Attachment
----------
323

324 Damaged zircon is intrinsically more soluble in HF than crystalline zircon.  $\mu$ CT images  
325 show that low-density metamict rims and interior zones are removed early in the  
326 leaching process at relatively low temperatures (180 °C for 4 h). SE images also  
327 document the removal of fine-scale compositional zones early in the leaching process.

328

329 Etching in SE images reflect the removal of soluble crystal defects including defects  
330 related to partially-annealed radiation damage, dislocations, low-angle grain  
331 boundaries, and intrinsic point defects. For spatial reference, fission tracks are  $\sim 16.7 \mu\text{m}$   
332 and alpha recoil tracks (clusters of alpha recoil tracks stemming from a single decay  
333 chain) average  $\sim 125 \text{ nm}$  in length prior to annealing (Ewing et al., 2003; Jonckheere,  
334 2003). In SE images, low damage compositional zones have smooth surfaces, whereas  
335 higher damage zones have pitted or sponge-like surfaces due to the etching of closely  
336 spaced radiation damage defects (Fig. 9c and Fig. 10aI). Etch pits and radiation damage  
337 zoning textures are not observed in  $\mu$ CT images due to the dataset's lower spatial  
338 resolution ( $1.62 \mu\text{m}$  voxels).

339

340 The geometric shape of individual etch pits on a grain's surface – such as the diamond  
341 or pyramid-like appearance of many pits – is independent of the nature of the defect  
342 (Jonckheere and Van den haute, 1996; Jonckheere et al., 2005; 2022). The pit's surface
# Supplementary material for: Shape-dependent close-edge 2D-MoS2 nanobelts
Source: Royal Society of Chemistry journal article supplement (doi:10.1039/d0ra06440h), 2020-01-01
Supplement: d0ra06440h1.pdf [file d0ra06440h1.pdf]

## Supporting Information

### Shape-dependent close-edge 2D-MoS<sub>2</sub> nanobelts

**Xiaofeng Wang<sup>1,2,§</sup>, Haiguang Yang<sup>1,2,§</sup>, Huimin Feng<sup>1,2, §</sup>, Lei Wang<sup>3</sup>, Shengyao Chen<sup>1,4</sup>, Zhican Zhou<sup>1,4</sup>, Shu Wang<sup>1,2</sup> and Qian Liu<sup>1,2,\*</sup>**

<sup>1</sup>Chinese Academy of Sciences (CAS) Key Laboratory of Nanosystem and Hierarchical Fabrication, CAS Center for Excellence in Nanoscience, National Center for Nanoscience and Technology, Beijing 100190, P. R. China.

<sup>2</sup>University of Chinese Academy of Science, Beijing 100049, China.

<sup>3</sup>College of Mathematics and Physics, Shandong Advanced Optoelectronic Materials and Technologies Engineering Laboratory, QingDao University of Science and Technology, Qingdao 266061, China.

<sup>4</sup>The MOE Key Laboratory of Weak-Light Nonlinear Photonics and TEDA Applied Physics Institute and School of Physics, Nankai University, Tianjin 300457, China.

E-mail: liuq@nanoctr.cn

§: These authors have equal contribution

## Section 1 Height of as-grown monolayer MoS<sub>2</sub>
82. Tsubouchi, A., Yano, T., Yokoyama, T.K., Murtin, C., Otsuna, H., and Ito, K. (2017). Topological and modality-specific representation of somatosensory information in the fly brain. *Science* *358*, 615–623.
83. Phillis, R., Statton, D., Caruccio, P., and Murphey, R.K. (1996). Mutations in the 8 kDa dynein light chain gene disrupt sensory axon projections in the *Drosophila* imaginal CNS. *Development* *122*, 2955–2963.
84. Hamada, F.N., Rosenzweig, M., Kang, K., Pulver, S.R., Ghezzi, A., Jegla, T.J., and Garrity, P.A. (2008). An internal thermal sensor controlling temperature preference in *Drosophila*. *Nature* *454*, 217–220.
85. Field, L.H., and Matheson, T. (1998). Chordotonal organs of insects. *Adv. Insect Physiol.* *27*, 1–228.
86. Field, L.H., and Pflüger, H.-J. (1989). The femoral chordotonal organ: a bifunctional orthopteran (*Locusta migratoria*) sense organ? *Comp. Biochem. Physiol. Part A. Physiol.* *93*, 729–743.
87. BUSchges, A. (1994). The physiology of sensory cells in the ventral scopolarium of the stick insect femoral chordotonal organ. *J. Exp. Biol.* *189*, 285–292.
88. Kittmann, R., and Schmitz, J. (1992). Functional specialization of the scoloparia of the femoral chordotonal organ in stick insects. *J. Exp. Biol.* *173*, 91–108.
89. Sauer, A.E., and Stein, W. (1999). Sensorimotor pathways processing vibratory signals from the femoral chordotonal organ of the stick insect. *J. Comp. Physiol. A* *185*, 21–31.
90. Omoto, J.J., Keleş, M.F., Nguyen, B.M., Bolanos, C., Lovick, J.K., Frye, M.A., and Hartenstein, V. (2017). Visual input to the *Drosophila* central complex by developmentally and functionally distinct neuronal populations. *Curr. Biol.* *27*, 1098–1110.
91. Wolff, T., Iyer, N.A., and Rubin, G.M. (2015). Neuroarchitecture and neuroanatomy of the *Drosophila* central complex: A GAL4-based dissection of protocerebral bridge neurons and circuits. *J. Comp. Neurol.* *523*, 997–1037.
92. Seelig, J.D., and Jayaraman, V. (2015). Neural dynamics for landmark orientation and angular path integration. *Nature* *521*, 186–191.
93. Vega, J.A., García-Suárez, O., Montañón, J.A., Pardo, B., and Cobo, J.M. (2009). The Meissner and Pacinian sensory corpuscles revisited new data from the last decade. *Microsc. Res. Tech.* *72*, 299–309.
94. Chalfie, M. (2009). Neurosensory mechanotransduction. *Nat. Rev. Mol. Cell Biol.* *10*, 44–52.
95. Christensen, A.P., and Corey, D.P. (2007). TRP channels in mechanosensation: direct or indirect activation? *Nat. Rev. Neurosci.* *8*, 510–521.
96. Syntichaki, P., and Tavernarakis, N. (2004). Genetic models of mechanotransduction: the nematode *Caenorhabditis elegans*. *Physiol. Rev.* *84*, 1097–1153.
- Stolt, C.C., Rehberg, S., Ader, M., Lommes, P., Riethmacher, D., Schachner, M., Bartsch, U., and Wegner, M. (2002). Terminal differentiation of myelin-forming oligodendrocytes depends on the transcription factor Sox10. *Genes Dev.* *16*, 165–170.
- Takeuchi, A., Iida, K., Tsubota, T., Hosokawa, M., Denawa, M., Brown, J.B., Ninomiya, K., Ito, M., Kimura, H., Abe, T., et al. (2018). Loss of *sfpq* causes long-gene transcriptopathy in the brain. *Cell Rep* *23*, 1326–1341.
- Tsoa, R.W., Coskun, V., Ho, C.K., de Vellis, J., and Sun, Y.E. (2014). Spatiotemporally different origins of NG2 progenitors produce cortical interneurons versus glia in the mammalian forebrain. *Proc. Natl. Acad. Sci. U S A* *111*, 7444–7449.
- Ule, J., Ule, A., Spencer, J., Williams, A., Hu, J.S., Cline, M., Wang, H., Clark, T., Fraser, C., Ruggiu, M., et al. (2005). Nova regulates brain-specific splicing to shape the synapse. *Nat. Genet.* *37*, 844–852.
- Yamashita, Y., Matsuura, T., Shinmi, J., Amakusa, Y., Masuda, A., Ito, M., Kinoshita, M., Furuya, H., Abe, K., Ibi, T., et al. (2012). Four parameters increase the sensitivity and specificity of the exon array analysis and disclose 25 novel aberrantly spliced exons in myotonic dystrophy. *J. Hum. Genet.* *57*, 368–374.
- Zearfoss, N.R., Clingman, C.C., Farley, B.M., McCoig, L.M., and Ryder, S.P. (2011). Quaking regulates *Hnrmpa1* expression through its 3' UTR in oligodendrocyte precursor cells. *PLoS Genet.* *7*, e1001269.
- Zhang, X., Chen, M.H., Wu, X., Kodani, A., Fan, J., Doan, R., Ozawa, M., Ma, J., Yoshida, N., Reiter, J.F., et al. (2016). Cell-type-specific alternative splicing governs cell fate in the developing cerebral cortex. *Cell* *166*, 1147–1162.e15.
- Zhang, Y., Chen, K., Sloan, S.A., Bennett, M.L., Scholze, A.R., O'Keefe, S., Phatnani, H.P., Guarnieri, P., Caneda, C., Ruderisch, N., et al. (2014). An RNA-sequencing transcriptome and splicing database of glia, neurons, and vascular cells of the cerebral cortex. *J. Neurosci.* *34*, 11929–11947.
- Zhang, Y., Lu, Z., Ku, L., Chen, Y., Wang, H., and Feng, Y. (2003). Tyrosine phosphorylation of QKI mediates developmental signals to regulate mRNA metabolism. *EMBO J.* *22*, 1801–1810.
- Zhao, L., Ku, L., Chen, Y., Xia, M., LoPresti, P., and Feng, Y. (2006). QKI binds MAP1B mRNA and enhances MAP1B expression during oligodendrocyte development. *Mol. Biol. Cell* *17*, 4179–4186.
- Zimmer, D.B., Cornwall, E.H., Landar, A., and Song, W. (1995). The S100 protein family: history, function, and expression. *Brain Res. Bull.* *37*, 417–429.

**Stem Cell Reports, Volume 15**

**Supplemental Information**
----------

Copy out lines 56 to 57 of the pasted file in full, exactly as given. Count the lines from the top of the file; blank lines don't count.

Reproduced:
- Zhang, Y., Chen, K., Sloan, S.A., Bennett, M.L., Scholze, A.R., O'Keefe, S., Phatnani, H.P., Guarnieri, P., Caneda, C., Ruderisch, N., et al. (2014). An RNA-sequencing transcriptome and splicing database of glia, neurons, and vascular cells of the cerebral cortex. *J. Neurosci.* *34*, 11929–11947.
- Zhang, Y., Lu, Z., Ku, L., Chen, Y., Wang, H., and Feng, Y. (2003). Tyrosine phosphorylation of QKI mediates developmental signals to regulate mRNA metabolism. *EMBO J.* *22*, 1801–1810.